Add to that the way they turn aa brawl in the audience into Shakespearian verse as soon as The Blogger enters the stage, and you have theatre magic at its best. Special cudos to Tom Rooney, Mike Shara, Cyrus Lane and of course Carlson and Hay. This is why I love to come here…

Possible Worlds Sept.18th, ’15

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It’s a weird little play in the small studio theatre they use when there’s either experimental plays or readings. Set in and around a shallow pool of water, just an inch or so high, George (Cyrus Lane) wakes up in the water, naked, wet, and puts on his clothes. Like so many times before he searches for Joyce. He keeps finding her, in a cafe, in a disco, sometimes she’s interested in him, sometimes not. There is also the world, where they live together and are happy. Where they sit on the beach…

Meanwhile police is investigating a series of murders with a twist: the victims’ brains are missing. And the inspector discovers that a scientist experiments on rat brains. Is it a surprise that they finally find the missing human brains in the scientist’s cupboard, still “alive” , still in a dreamlike state?

The play didn’t grip me much. The lighting was basically missing, maybe to reinforce the dreamworld it was supposed to depict. I still don’t understand why everyone was in this shallow pool. That said, the premise is quite interesting: What happens to all the other lives we might have led? And what if one could sample them all? This blend of romantic thriller, science fiction and whodunit is above all a love story that spans several universes – or does it? That’s the official tag line btw and why I booked my ticket.

WordPlay: Napoli Milionaria Sept.17th,’15

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Geraint wyn davies’ wordplays are always a great. He gathers friends and family and they all read a play nobody’s ever heard of, having fun and mocking each other along the way. Laughter is guaranteed.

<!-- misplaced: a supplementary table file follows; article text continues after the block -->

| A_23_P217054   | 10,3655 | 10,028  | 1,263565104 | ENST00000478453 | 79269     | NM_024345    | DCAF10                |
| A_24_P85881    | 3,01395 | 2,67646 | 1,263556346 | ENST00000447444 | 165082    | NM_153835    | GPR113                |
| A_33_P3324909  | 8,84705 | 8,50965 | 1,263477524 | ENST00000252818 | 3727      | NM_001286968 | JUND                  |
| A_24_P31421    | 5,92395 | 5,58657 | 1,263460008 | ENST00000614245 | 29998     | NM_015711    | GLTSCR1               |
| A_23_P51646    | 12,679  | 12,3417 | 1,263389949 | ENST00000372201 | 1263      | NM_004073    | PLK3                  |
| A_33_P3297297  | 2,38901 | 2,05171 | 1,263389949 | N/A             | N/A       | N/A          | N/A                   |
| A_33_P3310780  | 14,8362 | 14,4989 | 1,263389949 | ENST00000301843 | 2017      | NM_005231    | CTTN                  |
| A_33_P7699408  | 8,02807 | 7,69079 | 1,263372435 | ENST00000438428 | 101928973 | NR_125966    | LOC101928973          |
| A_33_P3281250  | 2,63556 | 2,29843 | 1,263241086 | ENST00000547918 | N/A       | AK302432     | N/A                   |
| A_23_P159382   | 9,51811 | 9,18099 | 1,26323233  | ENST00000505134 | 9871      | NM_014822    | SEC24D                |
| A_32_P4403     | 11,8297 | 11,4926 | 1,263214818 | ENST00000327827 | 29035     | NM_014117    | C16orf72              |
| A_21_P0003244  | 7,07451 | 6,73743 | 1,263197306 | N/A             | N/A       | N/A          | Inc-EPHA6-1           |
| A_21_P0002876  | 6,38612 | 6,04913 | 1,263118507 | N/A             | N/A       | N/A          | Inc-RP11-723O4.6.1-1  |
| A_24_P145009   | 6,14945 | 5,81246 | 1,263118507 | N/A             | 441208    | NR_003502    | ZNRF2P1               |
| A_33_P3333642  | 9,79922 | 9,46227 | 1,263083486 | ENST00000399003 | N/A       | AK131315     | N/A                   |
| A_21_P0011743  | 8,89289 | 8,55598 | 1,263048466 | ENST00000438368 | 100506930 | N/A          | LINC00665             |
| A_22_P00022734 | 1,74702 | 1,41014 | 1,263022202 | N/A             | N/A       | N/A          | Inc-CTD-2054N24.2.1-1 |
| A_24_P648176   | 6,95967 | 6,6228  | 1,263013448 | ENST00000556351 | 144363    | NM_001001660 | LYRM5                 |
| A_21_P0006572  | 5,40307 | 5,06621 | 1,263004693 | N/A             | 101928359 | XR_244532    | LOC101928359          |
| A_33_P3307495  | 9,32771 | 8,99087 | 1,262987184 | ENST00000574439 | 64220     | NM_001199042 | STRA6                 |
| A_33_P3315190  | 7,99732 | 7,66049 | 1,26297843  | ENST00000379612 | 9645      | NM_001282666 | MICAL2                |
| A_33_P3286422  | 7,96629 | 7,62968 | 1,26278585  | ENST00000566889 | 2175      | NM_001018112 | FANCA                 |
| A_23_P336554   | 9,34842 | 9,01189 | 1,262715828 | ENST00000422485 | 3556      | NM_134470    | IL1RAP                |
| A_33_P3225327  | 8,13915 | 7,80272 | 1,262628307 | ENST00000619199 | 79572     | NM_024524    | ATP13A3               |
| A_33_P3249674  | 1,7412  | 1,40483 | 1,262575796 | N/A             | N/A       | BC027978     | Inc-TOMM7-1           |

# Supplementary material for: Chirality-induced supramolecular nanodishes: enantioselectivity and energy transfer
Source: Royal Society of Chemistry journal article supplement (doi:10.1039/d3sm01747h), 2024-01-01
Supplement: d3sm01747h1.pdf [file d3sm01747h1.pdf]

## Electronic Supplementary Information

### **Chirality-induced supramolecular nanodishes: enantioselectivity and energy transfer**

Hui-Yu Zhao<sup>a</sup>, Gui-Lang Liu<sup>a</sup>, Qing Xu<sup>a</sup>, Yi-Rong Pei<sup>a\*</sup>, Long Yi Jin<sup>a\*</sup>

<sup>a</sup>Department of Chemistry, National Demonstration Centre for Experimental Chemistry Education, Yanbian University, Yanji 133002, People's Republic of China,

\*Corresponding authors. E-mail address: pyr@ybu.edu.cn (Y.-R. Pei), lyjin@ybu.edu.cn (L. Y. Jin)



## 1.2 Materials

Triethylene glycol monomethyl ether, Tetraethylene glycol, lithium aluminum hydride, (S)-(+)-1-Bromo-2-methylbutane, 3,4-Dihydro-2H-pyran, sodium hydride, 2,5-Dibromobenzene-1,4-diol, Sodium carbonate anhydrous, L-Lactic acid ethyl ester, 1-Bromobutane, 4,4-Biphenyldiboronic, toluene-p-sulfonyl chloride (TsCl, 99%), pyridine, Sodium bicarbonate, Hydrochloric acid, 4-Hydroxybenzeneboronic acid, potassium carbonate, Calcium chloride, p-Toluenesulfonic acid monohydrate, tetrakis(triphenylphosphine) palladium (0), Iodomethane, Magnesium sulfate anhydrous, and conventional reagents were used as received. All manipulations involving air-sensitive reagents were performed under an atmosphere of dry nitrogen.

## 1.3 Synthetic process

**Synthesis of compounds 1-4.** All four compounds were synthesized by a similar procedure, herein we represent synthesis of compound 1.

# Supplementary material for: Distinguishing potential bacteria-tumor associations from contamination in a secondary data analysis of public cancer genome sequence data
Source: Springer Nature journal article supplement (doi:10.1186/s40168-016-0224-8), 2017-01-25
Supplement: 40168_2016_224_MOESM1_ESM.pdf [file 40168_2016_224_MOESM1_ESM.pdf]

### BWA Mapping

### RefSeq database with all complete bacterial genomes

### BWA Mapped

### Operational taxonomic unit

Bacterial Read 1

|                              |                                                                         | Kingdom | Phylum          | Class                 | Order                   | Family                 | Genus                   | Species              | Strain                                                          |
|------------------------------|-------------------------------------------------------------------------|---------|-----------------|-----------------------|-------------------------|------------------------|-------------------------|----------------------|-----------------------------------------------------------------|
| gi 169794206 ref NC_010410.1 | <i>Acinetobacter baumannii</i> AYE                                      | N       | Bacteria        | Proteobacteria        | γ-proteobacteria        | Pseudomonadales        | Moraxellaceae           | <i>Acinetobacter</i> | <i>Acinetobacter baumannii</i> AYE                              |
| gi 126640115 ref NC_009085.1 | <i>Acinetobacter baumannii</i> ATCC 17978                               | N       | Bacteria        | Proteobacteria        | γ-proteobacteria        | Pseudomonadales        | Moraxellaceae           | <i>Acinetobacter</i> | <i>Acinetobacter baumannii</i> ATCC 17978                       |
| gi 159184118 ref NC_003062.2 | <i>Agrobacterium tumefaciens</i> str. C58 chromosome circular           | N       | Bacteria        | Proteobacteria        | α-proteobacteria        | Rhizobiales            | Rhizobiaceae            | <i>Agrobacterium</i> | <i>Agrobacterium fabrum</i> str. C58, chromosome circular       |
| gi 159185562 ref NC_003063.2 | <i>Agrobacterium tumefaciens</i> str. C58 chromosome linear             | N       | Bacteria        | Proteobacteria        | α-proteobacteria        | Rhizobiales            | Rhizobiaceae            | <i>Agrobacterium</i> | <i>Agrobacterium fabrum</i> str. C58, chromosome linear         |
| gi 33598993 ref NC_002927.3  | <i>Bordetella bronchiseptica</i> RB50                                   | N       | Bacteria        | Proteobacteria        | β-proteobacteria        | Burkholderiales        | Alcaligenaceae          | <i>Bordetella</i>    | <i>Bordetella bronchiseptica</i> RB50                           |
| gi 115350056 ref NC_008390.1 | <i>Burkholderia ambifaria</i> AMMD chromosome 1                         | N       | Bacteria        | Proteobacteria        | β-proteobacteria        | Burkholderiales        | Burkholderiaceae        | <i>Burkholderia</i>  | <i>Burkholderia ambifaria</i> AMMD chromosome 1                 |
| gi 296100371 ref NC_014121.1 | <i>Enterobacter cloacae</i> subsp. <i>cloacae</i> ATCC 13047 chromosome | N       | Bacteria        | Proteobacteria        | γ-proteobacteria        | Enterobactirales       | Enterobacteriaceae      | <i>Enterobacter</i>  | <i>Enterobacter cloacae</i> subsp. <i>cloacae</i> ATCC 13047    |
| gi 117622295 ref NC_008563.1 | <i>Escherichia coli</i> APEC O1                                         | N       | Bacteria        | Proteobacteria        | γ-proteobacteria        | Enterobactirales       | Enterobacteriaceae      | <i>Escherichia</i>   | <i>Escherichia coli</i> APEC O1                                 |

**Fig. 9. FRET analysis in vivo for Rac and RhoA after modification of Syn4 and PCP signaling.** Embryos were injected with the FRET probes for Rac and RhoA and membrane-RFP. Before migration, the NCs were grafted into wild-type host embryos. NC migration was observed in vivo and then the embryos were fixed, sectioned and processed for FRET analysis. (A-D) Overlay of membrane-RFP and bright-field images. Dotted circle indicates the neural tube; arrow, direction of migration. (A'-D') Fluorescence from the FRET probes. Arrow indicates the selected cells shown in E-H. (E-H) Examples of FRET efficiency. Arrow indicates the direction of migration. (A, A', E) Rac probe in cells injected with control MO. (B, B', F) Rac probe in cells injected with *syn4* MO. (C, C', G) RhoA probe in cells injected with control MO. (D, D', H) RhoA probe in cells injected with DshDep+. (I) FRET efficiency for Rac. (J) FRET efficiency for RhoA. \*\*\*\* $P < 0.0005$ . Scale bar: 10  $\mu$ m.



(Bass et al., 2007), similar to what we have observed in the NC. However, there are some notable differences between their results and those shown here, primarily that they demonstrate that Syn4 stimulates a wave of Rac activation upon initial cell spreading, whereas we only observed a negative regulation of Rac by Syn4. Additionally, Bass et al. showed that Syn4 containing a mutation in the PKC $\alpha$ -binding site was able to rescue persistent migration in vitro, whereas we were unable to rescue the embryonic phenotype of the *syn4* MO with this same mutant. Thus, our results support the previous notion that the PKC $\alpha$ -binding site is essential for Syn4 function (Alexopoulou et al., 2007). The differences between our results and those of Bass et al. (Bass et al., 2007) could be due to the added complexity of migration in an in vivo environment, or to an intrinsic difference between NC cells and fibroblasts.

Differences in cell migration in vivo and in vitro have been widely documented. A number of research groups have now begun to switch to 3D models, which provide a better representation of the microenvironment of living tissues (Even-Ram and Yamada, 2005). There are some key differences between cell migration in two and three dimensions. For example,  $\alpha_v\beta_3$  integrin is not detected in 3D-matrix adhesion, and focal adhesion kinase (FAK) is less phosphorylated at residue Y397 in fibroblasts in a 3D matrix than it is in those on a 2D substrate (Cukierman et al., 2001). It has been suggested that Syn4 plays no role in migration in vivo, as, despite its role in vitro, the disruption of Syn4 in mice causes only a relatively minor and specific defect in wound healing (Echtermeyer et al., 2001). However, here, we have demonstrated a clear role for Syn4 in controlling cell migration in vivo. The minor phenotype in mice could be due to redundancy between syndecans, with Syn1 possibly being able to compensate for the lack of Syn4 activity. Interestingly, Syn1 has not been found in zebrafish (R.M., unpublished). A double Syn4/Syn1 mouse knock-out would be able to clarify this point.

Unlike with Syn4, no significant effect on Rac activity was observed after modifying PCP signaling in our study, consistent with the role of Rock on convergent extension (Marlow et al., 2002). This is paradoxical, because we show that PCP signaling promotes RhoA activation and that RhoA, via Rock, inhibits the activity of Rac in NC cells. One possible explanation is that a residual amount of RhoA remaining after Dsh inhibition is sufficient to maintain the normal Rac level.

This time was no exception.  The obscure play was written in 1945 by Eduardo de Filippo with the author and his sister in the main parts. Life is hard in Naples during World War II but Donna Amalia does her best to keep the family afloat by dealing on the black market. Amalia prospers while Gennaro, her law-abiding husband, goes missing and is presumed dead. He returns unexpectedly to find his wife unfaithful, his son a car thief, his daughter pregnant and his other daughter critically ill. Shocked by the effects of corruption on his family, Gennaro prepares to resume his role as head of the household. 

Written in the tradition of Don Camillo and Peppone the characters are, even though less than legal, going about their black market businesses with charm and verve, making the best of a situation that had been forced onto them. In the end the father, home from a German prison camp, is as much a fossil as he is a saviour. His son doesn’t go on that last trip to steal a car and thus doesn’t get arrested, his daughter stays home and doesn’t find another GI to p”entertain, his third child gets the medication to fight a fever. And his wife keeps on doing business against his will…

This time the cast was just as much a surprise as the play itself. Jonathan Goad, this year’s Hamlet, stopped by to read mother Amalia’s snake oil charming love interest, Geraint was Gennaro and hilariously hamming it up, Wayne Best, Blocher in the Physicists, did another police officer and was brilliant. There were hysterical moments when one or the other forgot that they were on or when one of the thieves was miming, causing the others to fall into fits of giggles.

My only complaint is that thanks to the shitty new calendar I almost missed out on this late addition to the line up. Glad I didn’t. Brilliant evening.